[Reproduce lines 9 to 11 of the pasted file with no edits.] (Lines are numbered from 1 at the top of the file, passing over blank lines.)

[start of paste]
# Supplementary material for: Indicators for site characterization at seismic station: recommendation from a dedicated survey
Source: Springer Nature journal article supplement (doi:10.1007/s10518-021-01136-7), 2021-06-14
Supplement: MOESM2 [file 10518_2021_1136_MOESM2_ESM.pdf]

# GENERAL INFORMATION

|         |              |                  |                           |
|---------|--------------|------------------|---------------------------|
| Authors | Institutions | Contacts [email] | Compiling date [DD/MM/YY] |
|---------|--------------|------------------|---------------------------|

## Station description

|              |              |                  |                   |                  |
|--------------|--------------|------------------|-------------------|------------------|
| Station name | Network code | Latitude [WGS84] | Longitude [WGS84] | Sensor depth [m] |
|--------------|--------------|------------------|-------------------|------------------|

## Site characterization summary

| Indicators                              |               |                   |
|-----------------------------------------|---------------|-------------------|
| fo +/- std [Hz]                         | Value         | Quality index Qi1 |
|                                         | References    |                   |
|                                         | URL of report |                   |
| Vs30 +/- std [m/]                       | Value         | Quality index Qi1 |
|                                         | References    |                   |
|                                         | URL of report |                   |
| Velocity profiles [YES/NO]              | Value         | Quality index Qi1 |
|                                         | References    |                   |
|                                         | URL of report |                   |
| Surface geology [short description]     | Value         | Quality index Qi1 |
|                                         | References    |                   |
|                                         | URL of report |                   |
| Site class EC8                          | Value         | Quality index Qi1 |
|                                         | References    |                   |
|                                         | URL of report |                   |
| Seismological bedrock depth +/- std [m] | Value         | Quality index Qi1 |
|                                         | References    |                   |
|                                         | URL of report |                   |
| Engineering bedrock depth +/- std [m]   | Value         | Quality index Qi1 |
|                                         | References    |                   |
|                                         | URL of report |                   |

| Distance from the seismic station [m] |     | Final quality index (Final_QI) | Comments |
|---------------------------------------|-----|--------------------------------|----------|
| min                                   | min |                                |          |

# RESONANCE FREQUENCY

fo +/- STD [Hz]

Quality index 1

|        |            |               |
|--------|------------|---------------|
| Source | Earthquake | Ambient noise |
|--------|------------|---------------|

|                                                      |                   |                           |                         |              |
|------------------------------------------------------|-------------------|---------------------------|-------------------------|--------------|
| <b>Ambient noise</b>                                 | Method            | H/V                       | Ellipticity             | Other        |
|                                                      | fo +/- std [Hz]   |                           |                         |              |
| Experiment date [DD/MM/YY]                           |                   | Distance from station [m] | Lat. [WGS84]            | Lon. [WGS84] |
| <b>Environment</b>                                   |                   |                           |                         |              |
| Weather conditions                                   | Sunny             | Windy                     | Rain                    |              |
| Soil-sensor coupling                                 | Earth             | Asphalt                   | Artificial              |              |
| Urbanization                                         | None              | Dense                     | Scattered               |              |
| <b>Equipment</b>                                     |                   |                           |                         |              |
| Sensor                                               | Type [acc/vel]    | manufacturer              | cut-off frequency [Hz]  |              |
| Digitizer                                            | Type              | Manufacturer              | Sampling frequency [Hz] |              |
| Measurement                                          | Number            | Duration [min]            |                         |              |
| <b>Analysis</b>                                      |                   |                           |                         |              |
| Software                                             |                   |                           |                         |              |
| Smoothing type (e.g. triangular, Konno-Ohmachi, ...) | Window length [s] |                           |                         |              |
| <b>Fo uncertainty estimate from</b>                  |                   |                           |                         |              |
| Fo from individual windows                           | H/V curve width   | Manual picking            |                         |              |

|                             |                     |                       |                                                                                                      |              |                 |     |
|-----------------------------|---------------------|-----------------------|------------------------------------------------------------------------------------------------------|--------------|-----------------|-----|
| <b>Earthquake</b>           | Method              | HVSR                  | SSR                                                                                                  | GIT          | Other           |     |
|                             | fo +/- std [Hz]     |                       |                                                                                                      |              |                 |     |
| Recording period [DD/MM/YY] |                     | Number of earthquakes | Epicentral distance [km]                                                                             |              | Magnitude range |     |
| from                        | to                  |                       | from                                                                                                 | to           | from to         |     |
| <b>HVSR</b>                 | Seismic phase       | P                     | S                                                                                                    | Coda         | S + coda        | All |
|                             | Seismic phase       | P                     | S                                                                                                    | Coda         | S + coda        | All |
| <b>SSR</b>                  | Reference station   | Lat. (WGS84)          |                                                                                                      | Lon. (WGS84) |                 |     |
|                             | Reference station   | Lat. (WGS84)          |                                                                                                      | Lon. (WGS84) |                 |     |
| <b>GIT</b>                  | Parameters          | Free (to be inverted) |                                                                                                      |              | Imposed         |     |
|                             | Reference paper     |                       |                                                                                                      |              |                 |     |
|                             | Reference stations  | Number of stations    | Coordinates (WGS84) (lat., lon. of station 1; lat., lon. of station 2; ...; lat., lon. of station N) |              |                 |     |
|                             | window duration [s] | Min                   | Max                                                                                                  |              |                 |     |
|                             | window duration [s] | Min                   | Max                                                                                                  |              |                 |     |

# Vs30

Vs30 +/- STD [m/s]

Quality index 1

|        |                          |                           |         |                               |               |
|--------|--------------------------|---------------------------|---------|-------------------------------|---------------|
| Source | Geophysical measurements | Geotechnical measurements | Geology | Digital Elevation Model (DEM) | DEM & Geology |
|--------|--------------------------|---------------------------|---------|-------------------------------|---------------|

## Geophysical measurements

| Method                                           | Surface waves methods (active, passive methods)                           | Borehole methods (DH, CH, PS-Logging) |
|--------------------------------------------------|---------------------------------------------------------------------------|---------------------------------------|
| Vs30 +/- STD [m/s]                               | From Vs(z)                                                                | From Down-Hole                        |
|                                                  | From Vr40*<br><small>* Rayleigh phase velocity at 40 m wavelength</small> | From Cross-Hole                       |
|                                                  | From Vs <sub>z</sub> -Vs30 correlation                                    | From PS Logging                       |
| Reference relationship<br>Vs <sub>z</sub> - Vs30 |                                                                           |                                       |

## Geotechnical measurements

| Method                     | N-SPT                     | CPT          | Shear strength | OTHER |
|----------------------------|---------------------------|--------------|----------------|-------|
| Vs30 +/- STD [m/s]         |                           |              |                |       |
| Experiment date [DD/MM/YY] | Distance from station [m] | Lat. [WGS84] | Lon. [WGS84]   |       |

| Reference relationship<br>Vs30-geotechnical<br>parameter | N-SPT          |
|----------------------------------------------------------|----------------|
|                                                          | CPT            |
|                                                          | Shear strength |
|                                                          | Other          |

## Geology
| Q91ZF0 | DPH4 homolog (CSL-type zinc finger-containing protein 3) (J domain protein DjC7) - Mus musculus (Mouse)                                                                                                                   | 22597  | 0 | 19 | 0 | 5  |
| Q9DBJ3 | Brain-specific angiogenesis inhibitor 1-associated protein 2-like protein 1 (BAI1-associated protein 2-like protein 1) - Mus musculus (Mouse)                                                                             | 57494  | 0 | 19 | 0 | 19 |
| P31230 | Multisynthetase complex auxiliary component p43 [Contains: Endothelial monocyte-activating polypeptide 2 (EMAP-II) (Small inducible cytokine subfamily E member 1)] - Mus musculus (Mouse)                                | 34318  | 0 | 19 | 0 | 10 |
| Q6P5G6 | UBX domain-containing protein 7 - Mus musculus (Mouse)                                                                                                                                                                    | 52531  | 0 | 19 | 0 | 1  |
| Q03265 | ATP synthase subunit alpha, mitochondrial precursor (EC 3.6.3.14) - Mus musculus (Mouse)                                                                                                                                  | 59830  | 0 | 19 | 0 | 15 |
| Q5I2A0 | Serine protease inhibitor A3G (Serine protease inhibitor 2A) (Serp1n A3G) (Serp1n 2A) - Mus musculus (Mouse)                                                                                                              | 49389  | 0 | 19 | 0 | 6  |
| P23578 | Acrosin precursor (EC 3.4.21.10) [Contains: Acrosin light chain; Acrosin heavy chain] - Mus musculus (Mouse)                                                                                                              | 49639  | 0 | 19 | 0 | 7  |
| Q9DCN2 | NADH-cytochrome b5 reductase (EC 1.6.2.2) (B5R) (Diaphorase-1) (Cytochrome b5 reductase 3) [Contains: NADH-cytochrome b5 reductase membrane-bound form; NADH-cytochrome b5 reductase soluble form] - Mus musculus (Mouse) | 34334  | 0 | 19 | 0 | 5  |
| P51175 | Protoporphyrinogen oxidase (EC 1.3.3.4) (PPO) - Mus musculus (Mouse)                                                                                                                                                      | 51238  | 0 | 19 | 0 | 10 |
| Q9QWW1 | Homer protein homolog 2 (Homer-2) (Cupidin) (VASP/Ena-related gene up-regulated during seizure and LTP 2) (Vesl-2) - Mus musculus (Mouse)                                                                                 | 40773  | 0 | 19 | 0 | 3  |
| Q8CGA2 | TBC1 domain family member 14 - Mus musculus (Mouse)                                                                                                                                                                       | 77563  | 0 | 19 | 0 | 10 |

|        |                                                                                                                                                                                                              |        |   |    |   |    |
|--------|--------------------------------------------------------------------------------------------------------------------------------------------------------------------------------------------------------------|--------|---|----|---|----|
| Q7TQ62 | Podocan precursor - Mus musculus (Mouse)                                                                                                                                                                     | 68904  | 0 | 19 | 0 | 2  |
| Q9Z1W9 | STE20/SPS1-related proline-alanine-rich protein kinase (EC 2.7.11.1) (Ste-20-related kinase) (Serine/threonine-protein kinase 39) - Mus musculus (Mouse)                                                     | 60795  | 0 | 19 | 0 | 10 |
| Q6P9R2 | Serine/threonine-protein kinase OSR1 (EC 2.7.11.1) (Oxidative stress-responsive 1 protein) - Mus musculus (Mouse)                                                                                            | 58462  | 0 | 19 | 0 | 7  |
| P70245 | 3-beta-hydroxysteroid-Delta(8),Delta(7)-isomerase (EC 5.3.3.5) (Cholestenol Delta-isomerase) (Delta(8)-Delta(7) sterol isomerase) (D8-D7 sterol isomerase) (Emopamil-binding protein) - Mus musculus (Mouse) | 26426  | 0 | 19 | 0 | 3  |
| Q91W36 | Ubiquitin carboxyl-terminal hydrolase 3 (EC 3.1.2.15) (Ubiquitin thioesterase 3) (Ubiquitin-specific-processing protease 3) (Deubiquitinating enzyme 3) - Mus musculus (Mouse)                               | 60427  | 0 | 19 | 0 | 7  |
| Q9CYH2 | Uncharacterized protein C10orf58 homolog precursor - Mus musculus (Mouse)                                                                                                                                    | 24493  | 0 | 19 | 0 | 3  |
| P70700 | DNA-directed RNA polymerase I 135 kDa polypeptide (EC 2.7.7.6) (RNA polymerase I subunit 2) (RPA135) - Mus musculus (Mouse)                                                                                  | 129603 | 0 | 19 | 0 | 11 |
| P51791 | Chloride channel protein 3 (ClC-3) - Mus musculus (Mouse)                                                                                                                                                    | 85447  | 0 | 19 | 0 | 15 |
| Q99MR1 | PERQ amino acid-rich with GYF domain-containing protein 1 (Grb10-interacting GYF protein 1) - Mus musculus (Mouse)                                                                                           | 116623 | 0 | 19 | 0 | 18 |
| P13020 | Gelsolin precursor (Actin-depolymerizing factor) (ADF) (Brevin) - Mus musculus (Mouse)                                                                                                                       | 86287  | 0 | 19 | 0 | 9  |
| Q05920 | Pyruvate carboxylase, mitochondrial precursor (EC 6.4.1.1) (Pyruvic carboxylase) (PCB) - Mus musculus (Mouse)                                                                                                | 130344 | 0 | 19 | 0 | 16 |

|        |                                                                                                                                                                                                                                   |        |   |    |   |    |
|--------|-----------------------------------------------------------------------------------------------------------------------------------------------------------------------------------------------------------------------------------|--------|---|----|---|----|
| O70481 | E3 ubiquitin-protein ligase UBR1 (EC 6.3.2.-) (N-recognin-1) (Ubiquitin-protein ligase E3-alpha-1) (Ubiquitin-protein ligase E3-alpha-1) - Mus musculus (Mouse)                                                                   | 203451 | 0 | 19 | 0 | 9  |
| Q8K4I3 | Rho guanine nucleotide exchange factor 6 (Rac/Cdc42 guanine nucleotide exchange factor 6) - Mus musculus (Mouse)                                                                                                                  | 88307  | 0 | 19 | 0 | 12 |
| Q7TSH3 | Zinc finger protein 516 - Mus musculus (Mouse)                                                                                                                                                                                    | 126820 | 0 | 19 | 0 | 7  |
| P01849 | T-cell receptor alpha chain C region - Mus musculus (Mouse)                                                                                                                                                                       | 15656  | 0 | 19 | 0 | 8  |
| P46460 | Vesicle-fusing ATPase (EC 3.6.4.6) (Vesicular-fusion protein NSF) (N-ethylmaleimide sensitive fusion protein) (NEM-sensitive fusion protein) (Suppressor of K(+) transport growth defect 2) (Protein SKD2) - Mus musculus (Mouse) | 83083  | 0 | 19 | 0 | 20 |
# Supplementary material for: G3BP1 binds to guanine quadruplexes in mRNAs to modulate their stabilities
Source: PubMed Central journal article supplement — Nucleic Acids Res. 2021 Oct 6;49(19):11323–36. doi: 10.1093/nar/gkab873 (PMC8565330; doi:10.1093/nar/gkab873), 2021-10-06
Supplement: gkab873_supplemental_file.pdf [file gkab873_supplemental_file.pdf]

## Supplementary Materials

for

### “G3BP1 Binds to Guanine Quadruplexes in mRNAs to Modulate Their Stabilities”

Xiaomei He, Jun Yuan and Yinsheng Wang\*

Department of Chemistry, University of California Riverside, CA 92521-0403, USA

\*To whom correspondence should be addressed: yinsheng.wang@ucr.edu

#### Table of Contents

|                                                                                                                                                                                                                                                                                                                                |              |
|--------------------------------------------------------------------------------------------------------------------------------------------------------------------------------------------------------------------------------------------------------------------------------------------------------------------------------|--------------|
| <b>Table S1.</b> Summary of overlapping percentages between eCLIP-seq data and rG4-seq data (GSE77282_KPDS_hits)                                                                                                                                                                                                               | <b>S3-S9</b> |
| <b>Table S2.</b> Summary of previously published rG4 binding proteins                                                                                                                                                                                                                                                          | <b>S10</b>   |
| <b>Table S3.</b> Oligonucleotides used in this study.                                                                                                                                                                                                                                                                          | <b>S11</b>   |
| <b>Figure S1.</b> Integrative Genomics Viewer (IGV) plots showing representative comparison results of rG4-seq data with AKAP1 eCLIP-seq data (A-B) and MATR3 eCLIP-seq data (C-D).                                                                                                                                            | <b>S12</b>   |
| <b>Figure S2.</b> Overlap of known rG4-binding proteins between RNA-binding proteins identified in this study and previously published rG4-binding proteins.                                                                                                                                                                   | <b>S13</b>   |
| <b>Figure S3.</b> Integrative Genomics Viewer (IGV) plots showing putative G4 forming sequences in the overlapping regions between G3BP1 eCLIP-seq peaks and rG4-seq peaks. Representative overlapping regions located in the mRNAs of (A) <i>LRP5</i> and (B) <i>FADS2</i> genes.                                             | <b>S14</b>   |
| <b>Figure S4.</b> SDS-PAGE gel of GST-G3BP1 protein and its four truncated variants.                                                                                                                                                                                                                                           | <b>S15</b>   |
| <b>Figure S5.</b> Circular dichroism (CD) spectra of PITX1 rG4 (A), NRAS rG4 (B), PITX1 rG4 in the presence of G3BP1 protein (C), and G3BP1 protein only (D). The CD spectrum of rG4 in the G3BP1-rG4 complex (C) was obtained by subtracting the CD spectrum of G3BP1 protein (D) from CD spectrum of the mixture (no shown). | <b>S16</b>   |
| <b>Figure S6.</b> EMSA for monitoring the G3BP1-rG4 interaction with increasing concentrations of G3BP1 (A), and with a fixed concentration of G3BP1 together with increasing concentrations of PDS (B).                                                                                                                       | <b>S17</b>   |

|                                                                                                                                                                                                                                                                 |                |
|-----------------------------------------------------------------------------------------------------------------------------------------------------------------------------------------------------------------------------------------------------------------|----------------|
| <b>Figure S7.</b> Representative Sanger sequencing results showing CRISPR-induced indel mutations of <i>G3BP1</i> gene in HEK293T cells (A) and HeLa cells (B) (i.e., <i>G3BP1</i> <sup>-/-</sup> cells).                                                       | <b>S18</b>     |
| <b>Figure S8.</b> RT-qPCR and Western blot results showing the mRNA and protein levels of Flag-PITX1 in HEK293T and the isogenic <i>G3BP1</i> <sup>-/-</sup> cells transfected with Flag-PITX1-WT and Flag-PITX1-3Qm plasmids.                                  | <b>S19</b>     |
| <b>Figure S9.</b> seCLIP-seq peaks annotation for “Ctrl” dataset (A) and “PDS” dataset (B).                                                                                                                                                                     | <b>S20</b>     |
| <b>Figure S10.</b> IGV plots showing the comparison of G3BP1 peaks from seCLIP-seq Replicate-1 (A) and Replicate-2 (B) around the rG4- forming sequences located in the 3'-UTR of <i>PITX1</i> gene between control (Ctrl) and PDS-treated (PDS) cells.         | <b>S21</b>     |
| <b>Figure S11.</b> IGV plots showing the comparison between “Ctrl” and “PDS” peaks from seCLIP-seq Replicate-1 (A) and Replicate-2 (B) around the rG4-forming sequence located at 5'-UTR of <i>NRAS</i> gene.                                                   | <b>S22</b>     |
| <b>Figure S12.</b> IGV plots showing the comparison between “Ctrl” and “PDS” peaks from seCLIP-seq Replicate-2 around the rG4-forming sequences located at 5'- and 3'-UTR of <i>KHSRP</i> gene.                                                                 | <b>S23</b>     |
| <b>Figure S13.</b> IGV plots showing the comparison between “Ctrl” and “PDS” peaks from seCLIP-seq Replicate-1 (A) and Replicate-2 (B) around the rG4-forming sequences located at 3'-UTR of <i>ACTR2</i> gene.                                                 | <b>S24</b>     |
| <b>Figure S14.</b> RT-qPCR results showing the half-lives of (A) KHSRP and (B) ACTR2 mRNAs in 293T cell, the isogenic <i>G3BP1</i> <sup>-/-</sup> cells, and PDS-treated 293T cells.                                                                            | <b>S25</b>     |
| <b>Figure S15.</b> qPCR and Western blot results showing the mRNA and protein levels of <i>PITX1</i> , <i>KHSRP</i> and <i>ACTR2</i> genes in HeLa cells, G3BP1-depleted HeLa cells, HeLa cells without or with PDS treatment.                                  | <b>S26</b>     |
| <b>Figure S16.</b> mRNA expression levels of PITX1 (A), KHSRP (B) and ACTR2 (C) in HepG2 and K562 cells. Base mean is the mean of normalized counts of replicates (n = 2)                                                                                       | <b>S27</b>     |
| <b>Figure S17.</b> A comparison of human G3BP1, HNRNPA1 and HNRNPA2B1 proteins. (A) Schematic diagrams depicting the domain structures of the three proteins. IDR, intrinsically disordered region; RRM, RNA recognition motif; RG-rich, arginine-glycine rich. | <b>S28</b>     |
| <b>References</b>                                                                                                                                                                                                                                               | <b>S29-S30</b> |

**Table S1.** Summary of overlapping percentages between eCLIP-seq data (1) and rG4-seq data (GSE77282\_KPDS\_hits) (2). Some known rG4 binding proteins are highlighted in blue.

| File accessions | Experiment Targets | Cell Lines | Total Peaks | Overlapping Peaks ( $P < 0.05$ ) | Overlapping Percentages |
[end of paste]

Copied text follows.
## Station description

|              |              |                  |                   |                  |
|--------------|--------------|------------------|-------------------|------------------|